Hebil 157 Houses is a residential project consists of 5 luxury villas in Bodrum Peninsula, on the southwestern coast of Turkey. The buildings grow from the landscape and recall the crystalline lava flows of the legendry Volcano Kos once located near the Hebil 157 Site. Landscape design starts with the respect to the natural landscape, preserve the existing topography and the existing grove and reuse again, then continue the design with using the local flora. Consequently, this land turns into a paradise, using 10.000 lavenders and the butterflies flying on them.
—2013 Professional Awards Jury
Hebil 157 is a boutique development of five villas on a sloping five acre site north of Bodrum and set on the Aegean coast of south western Turkey. The site has views of northwards over Hebil Bay and the Aegean Sea. All this from a basaltic geology through which legendry Volcano Kos has erupted and produced lava flows and pyroclastic rocks. This rich geology is clothed with olive groves.
The setting is sublime and the views beautiful. So the first thing to ensure was to protect the topography, and place the villas with the landform and minimize grade change. This has ensured the retention of the surrounding olive groves.
Prior to construction began fifty olive trees, which would be affected by the new buildings, were identified, marked and prepared for removal and re-use and placed in an off-site holding nursery. Existing volcanic conglomerate stone field walls were surveyed and the buildings are located to retain these walls.
Architect Alper Aytac sees the design as an expression of the idea that 'Architecture as the extension of topography': The five villas are shaped and formed like the crystallized lava flows of the legendry Volcano Kos. Erupting out of the terrain dramatically, the vortexing “Bodrum White” masses merge into the background with serenity. The influence of the volcano is experienced both in materiality and spatial organization. The spaces are fluidly connected, rejecting compartmentalization.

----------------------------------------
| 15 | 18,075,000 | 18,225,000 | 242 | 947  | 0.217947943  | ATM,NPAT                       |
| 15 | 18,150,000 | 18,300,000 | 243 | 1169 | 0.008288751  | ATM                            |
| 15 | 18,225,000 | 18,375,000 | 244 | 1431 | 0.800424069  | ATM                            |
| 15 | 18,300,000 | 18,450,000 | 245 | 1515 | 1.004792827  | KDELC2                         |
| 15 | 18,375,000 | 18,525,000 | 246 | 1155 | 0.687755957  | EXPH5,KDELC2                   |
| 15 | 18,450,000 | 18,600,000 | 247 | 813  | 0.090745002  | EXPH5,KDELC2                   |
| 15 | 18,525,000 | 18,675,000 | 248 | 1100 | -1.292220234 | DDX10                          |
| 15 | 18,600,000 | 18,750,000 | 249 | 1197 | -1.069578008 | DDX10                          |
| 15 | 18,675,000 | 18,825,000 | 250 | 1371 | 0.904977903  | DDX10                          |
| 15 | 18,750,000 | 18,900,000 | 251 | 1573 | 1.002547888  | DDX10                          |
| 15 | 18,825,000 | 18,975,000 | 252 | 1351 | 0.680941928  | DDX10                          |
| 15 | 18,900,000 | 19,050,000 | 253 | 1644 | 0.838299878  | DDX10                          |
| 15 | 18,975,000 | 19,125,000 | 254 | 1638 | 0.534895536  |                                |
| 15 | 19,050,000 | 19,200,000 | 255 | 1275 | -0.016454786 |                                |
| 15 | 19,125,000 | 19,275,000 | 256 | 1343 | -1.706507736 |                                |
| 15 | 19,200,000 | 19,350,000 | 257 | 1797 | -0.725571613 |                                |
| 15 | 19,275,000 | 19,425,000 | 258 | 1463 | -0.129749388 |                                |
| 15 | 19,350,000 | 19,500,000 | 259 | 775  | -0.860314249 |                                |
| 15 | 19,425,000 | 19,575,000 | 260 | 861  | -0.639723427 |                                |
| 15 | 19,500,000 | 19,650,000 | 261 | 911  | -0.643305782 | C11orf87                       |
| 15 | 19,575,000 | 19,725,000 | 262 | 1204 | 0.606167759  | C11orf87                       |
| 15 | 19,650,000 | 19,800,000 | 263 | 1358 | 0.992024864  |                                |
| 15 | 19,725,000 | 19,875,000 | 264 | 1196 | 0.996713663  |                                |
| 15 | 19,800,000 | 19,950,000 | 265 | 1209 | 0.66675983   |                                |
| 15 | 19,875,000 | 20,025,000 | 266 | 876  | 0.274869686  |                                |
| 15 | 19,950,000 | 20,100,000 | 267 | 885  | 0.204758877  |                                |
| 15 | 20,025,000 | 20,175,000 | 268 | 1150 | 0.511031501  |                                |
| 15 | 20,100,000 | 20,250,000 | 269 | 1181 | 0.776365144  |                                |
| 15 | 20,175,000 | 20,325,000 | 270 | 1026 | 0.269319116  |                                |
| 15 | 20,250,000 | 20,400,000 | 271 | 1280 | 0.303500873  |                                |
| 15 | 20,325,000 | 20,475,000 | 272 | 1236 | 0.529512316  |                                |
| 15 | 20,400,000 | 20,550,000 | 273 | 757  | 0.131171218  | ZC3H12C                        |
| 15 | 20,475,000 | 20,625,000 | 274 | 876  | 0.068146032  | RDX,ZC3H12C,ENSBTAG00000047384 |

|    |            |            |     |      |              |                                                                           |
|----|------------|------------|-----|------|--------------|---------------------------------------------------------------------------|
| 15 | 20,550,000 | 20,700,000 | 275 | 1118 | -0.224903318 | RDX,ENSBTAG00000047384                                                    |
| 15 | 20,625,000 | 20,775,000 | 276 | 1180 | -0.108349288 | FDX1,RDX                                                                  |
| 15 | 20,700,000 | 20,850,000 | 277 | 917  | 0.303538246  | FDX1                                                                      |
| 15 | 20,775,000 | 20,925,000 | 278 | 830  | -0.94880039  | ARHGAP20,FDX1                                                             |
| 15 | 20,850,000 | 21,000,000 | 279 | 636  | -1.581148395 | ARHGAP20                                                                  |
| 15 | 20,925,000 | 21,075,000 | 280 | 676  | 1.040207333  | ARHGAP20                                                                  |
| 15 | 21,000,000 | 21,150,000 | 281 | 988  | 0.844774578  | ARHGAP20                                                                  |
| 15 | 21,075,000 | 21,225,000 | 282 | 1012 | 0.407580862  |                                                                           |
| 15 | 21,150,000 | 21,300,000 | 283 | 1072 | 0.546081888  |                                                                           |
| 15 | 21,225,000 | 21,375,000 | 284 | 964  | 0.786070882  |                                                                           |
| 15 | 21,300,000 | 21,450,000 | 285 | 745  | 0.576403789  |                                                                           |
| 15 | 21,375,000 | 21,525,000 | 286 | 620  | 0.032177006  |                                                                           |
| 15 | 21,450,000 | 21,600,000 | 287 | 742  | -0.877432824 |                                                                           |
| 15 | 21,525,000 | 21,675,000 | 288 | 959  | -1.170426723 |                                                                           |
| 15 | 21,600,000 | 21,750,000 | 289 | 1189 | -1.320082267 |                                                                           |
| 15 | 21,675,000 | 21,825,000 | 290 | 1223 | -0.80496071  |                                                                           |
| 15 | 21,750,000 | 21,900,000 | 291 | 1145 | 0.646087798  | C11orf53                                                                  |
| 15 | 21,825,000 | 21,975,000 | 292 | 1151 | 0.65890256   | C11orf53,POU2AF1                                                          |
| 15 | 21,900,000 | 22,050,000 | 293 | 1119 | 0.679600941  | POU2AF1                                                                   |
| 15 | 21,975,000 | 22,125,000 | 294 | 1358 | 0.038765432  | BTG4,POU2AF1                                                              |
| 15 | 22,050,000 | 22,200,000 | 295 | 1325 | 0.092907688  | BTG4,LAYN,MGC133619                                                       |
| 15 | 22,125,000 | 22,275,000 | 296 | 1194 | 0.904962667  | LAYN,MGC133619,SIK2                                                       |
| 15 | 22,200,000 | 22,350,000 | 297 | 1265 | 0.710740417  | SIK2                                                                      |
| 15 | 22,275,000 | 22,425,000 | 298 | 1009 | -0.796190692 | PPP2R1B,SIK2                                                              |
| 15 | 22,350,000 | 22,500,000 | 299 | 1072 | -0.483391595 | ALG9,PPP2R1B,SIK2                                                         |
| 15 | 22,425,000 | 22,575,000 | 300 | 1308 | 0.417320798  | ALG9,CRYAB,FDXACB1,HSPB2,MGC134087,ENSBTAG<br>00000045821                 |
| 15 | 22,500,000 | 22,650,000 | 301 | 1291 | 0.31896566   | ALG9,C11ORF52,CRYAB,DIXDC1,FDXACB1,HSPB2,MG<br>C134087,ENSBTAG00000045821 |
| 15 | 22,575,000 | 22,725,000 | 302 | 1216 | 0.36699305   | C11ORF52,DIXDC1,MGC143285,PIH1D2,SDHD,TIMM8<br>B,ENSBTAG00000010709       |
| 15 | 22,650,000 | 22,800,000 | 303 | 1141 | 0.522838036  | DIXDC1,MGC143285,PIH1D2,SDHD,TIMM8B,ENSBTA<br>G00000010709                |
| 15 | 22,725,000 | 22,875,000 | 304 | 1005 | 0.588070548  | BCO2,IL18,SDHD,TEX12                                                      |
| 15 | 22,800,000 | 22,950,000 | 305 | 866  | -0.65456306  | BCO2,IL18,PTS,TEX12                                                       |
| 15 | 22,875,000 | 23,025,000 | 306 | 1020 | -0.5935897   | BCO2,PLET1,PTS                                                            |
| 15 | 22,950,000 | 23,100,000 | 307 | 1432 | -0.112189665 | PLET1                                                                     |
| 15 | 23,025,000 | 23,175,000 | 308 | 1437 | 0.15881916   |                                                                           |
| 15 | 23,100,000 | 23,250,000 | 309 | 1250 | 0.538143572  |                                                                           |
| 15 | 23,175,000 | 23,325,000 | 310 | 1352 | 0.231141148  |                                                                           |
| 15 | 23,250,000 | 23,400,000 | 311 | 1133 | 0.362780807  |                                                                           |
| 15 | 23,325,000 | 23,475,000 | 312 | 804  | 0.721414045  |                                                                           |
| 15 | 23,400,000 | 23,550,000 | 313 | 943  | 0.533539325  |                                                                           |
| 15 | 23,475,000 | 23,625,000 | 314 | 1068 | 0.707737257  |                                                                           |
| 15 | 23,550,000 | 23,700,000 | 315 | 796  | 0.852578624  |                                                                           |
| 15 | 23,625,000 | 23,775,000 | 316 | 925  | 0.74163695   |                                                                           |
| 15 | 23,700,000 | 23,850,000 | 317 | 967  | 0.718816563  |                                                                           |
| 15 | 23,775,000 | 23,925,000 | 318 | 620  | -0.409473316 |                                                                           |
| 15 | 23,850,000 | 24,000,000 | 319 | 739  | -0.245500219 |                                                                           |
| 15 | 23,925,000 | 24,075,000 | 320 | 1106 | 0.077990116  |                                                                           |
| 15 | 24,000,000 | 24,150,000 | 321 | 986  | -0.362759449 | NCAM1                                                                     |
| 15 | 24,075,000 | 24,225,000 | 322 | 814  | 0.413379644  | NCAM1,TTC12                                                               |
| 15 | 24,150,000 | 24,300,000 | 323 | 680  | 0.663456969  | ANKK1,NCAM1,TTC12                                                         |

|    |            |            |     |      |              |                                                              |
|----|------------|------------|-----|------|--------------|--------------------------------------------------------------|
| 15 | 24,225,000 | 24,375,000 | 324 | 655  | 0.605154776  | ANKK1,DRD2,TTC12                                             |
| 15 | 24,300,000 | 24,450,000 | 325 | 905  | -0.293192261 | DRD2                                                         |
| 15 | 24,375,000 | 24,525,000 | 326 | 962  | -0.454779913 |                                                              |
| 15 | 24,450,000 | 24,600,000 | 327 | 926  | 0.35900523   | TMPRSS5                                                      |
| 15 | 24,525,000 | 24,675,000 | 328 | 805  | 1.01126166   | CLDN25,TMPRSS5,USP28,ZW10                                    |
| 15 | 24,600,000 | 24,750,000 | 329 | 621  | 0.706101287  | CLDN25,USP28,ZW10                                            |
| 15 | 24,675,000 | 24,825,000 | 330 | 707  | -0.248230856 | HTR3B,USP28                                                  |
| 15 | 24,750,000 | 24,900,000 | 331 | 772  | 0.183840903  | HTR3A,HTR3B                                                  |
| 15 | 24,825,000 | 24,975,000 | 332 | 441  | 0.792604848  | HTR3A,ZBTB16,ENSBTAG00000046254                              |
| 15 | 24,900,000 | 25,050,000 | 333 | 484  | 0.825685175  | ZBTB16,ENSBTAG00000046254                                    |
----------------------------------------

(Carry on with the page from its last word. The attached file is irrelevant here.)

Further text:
The forms and flowing internal and external spaces provide privacy while ensuring views. Materials are the local stone, white rendered walls, wood decking and glazed panoramic windows. No stone other than volcanic basalt has been used in the interior spaces. For the external spaces and the stone screen walls, local volcanic agglomerate, the output of in-situ excavations has been used extensively. Large glass surfaces bring the picturesque landscape inside, blurring the division between inside and outside.
The buildings grow from the landscape and the roofs are partially vegetated. Each villa embraces the century old olive trees the central courtyard pays homage to the local flora. Each villa has a private terrace with replanted olive trees and a pool lined with Murano glass mosaic and the terraces are open to sea breezes. Close to each kitchen landscape architect has also planted a native Bodrum mandarin and other Citrus trees (Citrus reticulata, C. paradisi and C. lemon) for their fragrance and of course some Bay Laurel (Laurus nobilis). Slopes offered rock gardens and planted with native drought and salt tolerant grasses and herbaceous plantings (such as Thymus and Salvia), and use of lavender (Lavandula pinnata, L. angustifolia, and L dentata) in mass planting. These areas has become attractive points for the fauna. In the project, color transition from the variations of the violet to pink is the most memorable element during the summer and early fall time. Color is found in the flowers of lavenders and in the flowers of herbaceous plants. These colours are then reflected in the interior furnishings and the applied mosaics in the villas.
The project investigates the rich relationship between the dynamic and complex forces of nature, and aim to work with them to produce relaxing therapeutic environment in touch with the natural landscape. The development is a product of a husband and wife team of architect and landscape architect.
Design & Construction Team
Ahmet Cengiz Yildizci, Int'l ASLA, CEVSA Landscape Firm
Gulsen Aytac, CEVSA Landscape Firm & ITU Collaboration
Landscape Architect of Record
CEVSA Landscape Firm
Plants and soil
Local nurseries and villages
Local volcanic agglomerate
Local volcanic agglomerate
Perforated steel with wall's stone texture